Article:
Winter Birding in February 2021

I threatened a return to this blog, and by George (aka all the George Foreman Grills I stock at my current temporary job), I’m doing my best to make that happen.

Winter sucks, especially such a cold spell as we had of late here in the central US. Still, cold does bring down a few birds from the North, and as a result I went out looking the other day for some in the sandlands of Mason County, Illinois.

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Lapland Longspurs and Horned Larks

Along the road for much of the drive, Horned Larks and Lapland Longspurs picked at the seeds and gravel, whizzing away over the snow-covered fields as cars passed. A handful of Horned Larks stick around all year long, nesting in what little habitat they can find, but the majority of these two species nest up on the high tundra and only become readily visible down here when it resembles high tundra to the casual observer.

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Black Hickory (Carya texana)

As a reminder that we thankfully do not live in the Arctic Circle, here’s Black Hickory, a common resident in Mason county’s sand savanna, but at its northern limit here. This species becomes much more common in the Ozarks and Ouachitas, as well as eastern Texas. It’s one of a number of Southern Great Plains species that make Mason county the northeastern corner of their range, with Astragalus distortus and Scissor-tailed Flycatchers coming to mind as two other examples.

Camo Bobwhite
Northern Bobwhite cameo (head and shoulders facing right behind the large tree on left)

Another species that’s found a home north of where it likes to be is Northern Bobwhite, a species that has struggled to survive in most of the surrounding counties but seems to be persisting in good numbers in Mason County thanks to its fondness for the remnant sand savanna and dry grassland edges in the region. The “poor” sandy soils here have ironically saved a richer diversity of flora and fauna than can still be found on the “better” blacksoil to the east, northeast, and south.

Havana Bridge
Havana (Illinois, not Cuba)

As it was still remarkably cold, the only open waterway was the Illinois River at Havana, thanks to barge traffic. Dozens of Common Goldeneye could be seen far out, shown as black specks on the water in the photo above.

Mel Price Dam
Birds below the Melvin Price Lock and Dam

The water being almost completely frozen over, I retreated southwards towards the Alton area. Here large concentrations of gulls and pelicans foraged in the open waters below the Melvin Price Lock and Dam on the Mississippi River. While the dam kept the river open for barge traffic, ice did buildup around the sides, and I had to make my way carefully down to view the gulls. Or I could’ve been smart and stayed up on top in the parking lot, but I wanted to see the action closer. Don’t do what I do. Statistically I probably should’ve broken like five legs by now.

Mississippi River Ice

(There’s a reason I’m not paid to run statistics for people).

Mel Price Gulling
Ring-billed Gulls (Larus delawarensis)

Gulls come quite readily to sliced bread, which is not a good long-term meal for a gull but a great way to tempt them a bit closer for a photo and potentially get one of the rare ones. Of course, the rare gulls did not come for the bread, but a few pelicans did so I ceased gull-baiting.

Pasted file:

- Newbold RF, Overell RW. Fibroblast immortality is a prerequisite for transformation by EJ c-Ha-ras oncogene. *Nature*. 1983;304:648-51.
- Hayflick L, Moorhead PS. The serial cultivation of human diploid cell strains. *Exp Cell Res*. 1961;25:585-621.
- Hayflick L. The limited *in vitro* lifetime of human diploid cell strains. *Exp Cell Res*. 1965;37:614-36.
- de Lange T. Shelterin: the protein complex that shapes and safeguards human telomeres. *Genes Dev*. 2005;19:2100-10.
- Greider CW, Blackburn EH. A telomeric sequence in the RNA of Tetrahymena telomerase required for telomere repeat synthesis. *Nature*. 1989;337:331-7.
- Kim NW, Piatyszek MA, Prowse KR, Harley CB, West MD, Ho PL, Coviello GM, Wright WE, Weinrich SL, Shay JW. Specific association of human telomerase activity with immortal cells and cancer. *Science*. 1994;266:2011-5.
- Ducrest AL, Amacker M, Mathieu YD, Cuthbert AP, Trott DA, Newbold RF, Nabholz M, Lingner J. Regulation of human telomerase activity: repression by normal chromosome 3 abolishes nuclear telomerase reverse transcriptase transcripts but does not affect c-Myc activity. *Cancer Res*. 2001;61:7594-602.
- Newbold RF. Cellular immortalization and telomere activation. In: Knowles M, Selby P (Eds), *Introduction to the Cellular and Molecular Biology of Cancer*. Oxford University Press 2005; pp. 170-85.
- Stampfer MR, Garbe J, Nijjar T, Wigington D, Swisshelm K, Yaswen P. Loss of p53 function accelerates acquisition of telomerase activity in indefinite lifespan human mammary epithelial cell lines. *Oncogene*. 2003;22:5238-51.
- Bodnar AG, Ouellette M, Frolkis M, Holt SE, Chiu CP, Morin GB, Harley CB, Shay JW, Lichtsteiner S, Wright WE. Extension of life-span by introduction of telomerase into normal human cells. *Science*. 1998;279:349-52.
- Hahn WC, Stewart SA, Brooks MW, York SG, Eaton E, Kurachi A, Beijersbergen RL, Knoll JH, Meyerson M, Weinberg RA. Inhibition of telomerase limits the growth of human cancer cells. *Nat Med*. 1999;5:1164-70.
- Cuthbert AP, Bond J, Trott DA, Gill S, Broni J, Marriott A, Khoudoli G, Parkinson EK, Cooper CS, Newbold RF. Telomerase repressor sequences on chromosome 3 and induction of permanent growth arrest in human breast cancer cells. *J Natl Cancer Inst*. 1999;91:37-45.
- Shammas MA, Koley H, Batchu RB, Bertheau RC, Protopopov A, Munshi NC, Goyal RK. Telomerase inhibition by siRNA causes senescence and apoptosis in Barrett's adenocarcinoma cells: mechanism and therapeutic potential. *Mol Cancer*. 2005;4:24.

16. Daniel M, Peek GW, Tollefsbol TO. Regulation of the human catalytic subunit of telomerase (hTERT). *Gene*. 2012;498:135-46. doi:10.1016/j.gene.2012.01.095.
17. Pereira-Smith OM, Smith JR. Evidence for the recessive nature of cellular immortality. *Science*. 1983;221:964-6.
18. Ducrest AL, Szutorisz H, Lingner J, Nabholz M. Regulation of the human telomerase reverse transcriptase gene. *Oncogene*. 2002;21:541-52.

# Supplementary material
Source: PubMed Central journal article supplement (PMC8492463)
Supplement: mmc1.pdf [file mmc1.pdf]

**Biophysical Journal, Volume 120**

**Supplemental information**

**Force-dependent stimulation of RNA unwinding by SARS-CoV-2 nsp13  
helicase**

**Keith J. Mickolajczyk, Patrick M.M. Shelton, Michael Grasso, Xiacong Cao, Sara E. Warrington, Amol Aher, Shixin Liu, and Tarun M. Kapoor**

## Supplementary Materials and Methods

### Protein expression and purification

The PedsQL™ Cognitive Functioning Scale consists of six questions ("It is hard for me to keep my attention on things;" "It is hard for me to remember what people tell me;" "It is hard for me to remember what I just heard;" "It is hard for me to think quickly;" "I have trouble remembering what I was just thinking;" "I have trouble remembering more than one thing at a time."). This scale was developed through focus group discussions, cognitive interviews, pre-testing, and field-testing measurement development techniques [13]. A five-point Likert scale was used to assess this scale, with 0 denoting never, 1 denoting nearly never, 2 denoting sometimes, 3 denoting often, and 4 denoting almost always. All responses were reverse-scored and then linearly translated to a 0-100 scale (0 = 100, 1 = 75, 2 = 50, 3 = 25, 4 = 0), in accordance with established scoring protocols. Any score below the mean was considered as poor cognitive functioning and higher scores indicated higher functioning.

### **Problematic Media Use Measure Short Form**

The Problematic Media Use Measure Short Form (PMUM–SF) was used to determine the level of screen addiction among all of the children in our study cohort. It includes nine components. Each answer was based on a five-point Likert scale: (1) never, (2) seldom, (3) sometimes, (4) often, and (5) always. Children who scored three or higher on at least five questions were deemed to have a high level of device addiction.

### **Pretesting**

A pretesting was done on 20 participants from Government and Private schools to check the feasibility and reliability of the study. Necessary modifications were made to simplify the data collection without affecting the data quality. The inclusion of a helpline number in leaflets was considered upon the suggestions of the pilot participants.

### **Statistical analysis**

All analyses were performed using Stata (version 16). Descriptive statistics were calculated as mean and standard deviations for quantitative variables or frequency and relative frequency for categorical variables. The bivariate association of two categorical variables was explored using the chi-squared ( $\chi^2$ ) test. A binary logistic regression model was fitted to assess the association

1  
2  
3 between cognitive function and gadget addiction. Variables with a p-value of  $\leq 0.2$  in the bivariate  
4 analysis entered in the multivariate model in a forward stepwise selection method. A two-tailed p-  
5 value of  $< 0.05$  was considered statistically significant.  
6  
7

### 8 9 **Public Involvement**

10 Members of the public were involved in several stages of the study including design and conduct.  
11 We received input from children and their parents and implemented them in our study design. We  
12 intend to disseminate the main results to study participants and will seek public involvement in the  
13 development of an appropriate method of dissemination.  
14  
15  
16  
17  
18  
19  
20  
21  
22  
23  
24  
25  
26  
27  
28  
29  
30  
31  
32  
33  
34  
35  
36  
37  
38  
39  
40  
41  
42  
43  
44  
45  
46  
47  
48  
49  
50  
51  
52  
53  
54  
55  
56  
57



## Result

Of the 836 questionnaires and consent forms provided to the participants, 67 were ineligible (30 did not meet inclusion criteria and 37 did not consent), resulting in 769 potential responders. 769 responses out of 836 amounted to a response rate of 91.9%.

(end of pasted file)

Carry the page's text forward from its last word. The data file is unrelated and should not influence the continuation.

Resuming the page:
AWPE Lincoln Shields
American White Pelican and two Ring-billed Gulls

Some of the rarer gulls there included a few Lesser Black-backed Gulls, like the one photographed below. This species has rapidly expanded across the United States, going from a European vagrant and rarity in the 1980s to a regular if uncommon winter bird on some lakes and rivers in the Midwest. It’s unclear where this influx of LBBG’s comes from, where they breed, or why they’ve decided to come to North America instead of Eurasia. Answers to those questions may come in the next few years.

Mel Price LBBG
Lesser Black-backed Gull (Larus fuscus)

For those wondering why this isn’t called a Gray-backed Gull, the above photo was taken on a cloudy day, while a day later in Illinois I found a LBBG in sunlight. You can see the darker mantle (back color) more readily.

Taylorville LBBG
Lesser Black-backed Gull, loafing about

Another gull species, and even more confusing, is the Iceland Gull. I failed to get good photos of the few we saw at Mel Price, so here’s one from the Lake Taylorville excursion a day later.

Taylorville Iceland Gull
Kumlien’s Iceland Gull (Larus glaucoides kumlienii)

Note the pale wingtips and back color, as well as the dark eyes and shorter, blunter head. These all help to distinguish this as an Iceland Gull, specifically a Kumlien’s as it has light gray wingtips, not solid white ones as in the nominate subspecies.

Gulls are fun for some people to ID, but after two hours of looking at them, I was ready to move on. So I did, to the much more dignified and proper birding location of a cattle feedlot.

Great Tailed Grackle
Great-tailed Grackle

Birding doesn’t have proper and dignified locations, for the most part. The birds go where there is food. Stolen corn from cow feed troughs is perfectly fine fare for Great-tailed Grackles, here on the eastern edge of their wintering range.

Green Frog in snowy spring